Casini A, Christodoulou G, Freemont PS, et al., 2014, R2oDNA Designer: Computational Design of Biologically Neutral Synthetic DNA Sequences, ACS SYNTHETIC BIOLOGY, Vol: 3, Pages: 525-528, ISSN: 2161-5063
Dickinson RJ, Kitney RI, 2014, Information driven care pathways and procedures, IFMBE Proceedings, Vol: 41, Pages: 1322-1325, ISSN: 1680-0737
The paper addresses the issue of the implementation of care pathways in electronic form. Within the National Health Service (NHS) of England, Care Pathways are becoming increasingly important. These are typically provided by the Department of Health. The Pathways provided are in the form of paper-based schema. They either have to be implemented via paper forms or, as presented here, in electronic form. In addition, care pathways must be seen in the context of the TModel of health care which comprises the care continuum and the biological continuum. The two care pathways which had been chosen as exemplars are myocardial infarction and stroke. However, the objective of the paper is not to discuss the specific care pathways in detail, but, rather, to describe technology which has been developed for their electronic implementation. The result of this implementation is that all the data and information acquired from the implementation of the care pathway is stored in a single clinical information system (CIS), which has incorporated in it the SQL database. Another important element of the system which has been developed is the ability to display data and information in terms of two dashboards (i.e. single screens which show the most important information). The two dashboards display clinical information (the point of care dashboard) and management information (the management dashboard). © Springer International Publishing Switzerland 2014.
Luboz V, Kyaw-Tun J, Sen S, et al., 2014, Real-time stent and balloon simulation for stenosis treatment, VISUAL COMPUTER, Vol: 30, Pages: 341-349, ISSN: 0178-2789
Tay D, Poh CL, Goh C, et al., 2014, A biological continuum based approach for efficient clinical classification, JOURNAL OF BIOMEDICAL INFORMATICS, Vol: 47, Pages: 28-38, ISSN: 1532-0464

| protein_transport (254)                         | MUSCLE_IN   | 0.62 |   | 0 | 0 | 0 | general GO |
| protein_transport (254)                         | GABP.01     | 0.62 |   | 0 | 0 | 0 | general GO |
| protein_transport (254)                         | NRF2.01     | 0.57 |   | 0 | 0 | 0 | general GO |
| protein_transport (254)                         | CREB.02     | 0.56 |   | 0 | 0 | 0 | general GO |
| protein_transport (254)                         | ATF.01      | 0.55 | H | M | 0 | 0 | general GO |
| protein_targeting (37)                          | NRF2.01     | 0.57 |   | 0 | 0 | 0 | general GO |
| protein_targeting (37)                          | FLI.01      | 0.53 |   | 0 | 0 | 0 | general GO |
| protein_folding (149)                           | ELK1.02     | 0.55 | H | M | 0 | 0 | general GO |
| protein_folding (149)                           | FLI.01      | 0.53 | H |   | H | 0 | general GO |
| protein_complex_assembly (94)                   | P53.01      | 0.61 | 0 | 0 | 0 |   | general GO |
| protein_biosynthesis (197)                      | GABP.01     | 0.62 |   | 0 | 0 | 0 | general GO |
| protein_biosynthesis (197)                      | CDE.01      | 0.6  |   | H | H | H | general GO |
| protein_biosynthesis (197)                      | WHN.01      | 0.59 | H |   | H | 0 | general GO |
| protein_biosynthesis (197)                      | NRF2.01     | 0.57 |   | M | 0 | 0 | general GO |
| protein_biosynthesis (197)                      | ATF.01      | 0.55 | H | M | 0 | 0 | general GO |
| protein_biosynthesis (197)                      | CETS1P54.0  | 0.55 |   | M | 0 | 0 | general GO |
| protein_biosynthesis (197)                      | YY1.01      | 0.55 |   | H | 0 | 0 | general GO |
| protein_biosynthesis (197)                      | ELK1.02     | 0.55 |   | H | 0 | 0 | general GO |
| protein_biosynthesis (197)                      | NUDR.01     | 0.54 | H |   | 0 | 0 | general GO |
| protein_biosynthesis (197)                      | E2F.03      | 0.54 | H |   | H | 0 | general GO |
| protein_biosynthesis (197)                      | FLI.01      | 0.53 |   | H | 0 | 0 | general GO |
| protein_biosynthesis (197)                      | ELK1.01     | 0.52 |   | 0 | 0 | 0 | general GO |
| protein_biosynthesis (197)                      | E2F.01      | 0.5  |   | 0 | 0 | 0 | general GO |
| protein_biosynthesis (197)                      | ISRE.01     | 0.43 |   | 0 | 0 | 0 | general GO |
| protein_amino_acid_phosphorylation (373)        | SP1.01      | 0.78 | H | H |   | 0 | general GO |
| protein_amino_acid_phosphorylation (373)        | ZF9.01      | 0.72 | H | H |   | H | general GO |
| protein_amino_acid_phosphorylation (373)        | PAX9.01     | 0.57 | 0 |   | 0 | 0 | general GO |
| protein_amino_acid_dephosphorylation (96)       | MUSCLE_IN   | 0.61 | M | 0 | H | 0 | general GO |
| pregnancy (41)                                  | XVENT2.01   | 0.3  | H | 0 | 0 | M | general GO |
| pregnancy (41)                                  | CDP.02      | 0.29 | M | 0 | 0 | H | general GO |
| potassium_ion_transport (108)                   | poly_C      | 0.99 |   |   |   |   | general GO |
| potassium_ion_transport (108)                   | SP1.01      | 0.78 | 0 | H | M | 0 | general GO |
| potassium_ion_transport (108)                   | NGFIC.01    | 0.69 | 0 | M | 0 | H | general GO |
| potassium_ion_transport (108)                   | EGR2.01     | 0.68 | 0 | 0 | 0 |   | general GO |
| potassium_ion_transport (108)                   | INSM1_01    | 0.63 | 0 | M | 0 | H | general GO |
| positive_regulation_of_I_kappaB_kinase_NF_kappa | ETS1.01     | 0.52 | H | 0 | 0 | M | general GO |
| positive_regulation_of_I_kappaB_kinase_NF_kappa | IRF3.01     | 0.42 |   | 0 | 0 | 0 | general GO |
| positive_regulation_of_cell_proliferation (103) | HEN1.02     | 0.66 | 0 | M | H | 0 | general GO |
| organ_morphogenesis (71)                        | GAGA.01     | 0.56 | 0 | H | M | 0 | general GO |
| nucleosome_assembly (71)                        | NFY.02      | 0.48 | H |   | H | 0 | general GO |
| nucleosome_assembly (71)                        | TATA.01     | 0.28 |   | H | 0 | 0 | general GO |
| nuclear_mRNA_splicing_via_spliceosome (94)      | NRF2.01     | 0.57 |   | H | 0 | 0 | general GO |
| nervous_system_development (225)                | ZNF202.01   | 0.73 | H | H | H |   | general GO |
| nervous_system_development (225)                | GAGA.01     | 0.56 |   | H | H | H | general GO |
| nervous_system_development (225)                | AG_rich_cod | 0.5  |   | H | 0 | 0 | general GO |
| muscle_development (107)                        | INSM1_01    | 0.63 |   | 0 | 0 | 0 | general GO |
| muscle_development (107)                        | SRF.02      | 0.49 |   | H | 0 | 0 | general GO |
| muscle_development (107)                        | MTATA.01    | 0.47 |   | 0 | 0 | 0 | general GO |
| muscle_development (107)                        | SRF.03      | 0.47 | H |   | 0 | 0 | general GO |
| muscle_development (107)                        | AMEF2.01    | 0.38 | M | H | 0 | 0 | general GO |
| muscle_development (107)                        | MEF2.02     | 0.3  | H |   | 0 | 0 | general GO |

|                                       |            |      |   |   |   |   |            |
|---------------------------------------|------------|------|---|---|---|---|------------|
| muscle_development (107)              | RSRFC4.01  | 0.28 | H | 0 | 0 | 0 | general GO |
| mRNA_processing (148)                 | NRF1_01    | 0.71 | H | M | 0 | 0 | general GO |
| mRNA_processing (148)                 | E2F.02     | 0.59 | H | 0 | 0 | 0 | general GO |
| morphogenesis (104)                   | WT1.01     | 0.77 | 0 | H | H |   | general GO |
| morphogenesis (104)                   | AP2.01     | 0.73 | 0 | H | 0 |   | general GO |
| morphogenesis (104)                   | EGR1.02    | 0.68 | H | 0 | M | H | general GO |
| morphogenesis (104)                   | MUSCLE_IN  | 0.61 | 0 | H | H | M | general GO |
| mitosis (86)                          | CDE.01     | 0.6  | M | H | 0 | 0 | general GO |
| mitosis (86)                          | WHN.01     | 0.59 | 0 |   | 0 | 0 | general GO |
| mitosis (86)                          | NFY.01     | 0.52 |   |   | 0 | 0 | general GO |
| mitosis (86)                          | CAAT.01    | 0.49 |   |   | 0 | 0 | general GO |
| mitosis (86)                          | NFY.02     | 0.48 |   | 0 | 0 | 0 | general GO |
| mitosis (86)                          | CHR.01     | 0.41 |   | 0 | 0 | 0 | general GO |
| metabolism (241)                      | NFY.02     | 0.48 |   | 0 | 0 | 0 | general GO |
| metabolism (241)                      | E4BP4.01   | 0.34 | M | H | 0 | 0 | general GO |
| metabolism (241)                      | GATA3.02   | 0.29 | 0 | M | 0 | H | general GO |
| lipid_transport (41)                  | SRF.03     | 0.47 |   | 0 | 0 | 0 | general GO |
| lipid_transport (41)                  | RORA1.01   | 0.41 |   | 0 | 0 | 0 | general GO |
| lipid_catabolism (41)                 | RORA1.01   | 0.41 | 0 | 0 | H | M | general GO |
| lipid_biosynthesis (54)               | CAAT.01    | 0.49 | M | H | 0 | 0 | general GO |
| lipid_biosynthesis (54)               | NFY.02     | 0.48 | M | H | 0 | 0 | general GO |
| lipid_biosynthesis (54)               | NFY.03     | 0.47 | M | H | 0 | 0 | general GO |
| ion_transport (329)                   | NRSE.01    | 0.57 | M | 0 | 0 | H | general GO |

Kelay T, Kesavan S, Collins RE, et al., 2013, Techniques to aid the implementation of novel clinical information systems: A systematic review, INTERNATIONAL JOURNAL OF SURGERY, Vol: 11, Pages: 783-791, ISSN: 1743-9191
Tay D, Poh CL, Kitney RI, 2013, An Evolutionary Data-Conscious Artificial Immune Recognition System, 15th Genetic and Evolutionary Computation Conference (GECCO), Publisher: ASSOC COMPUTING MACHINERY, Pages: 1101-1108
© 2012 by Imperial College Press. All rights reserved. Synthetic Biology — A Primer gives a broad overview of the emerging field of synthetic biology and the foundational concepts on which it is built. It will be of interest to final year undergraduates, postgraduates and established researchers who are interested in learning about this exciting new field. The book introduces readers to fundamental concepts in molecular biology and engineering and then explores the two major themes for synthetic biology, namely ‘bottom-up’ and ‘top-down’ engineering approaches. ‘Top-down’ engineering utilises a conceptual framework of engineering and systematic design to build new biological systems by integrating robustly characterised biological parts into an existing system through the use of extensive mathematical modelling. The ‘bottom-up’ approach involves the design and building of synthetic protocells using basic chemical and biochemical building blocks from scratch. Exemplars of cutting-edge applications designed using synthetic biology principles are presented, including the production of novel biofuels from renewable feedstocks, microbial synthesis of pharmaceuticals and fine chemicals, and the design and implementation of biosensors to detect infections and environmental waste. The book also uses the Internationally Genetically Engineered Machine (iGEM) competition to illustrate the power of synthetic biology as an innovative research and training science. Finally, the primer includes a chapter on the ethical, legal and societal issues surrounding synthetic biology, illustrating the integration of social sciences in synthetic biology research.
Kitney R, Freemont P, 2012, Synthetic biology - the state of play, FEBS LETTERS, Vol: 586, Pages: 2029-2036, ISSN: 0014-5793
Yang X, Han R, Guo Y, et al., 2012, Modelling and performance analysis of clinical pathways using the stochastic process algebra PEPA, BMC BIOINFORMATICS, Vol: 13, ISSN: 1471-2105
MacDonald JT, Barnes C, Kitney RI, et al., 2011, Computational design approaches and tools for synthetic biology, INTEGRATIVE BIOLOGY, Vol: 3, Pages: 97-108, ISSN: 1757-9694
Wang B, Kitney RI, Joly N, et al., 2011, Engineering modular and orthogonal genetic logic gates for robust digital-like synthetic biology, NATURE COMMUNICATIONS, Vol: 2, ISSN: 2041-1723
Poh CL, Cui LC, Kitney RI, 2010, Modeling biological systems in Laplace Domain for Synthetic Biology Design, 11th International Congress of the IUPESM/World Congress on Medical Physics and Biomedical Engineering, Publisher: SPRINGER, Pages: 1377-1380, ISSN: 1680-0737
Delakis I, Xanthis C, Kitney RI, 2009, Assessment of the limiting spatial resolution of an MRI scanner by direct analysis of the edge spread function, MEDICAL PHYSICS, Vol: 36, Pages: 1637-1642, ISSN: 0094-2405
Gulati S, Rouilly V, Niu X, et al., 2009, Opportunities for microfluidic technologies in synthetic biology, JOURNAL OF THE ROYAL SOCIETY INTERFACE, Vol: 6, ISSN: 1742-5689
Heimann T, van Ginneken B, Styner MA, et al., 2009, Comparison and Evaluation of Methods for Liver Segmentation From CT Datasets, IEEE TRANSACTIONS ON MEDICAL IMAGING, Vol: 28, Pages: 1251-1265, ISSN: 0278-0062
Kitney RI, 2009, Synthetic Biology, ISBN: 9781903496442
Kitney RI, 2009, Synthetic Biology: scope, applications and implications, Synthetic biology: scope, applications and implications, Publisher: The Royal Academy of Engineering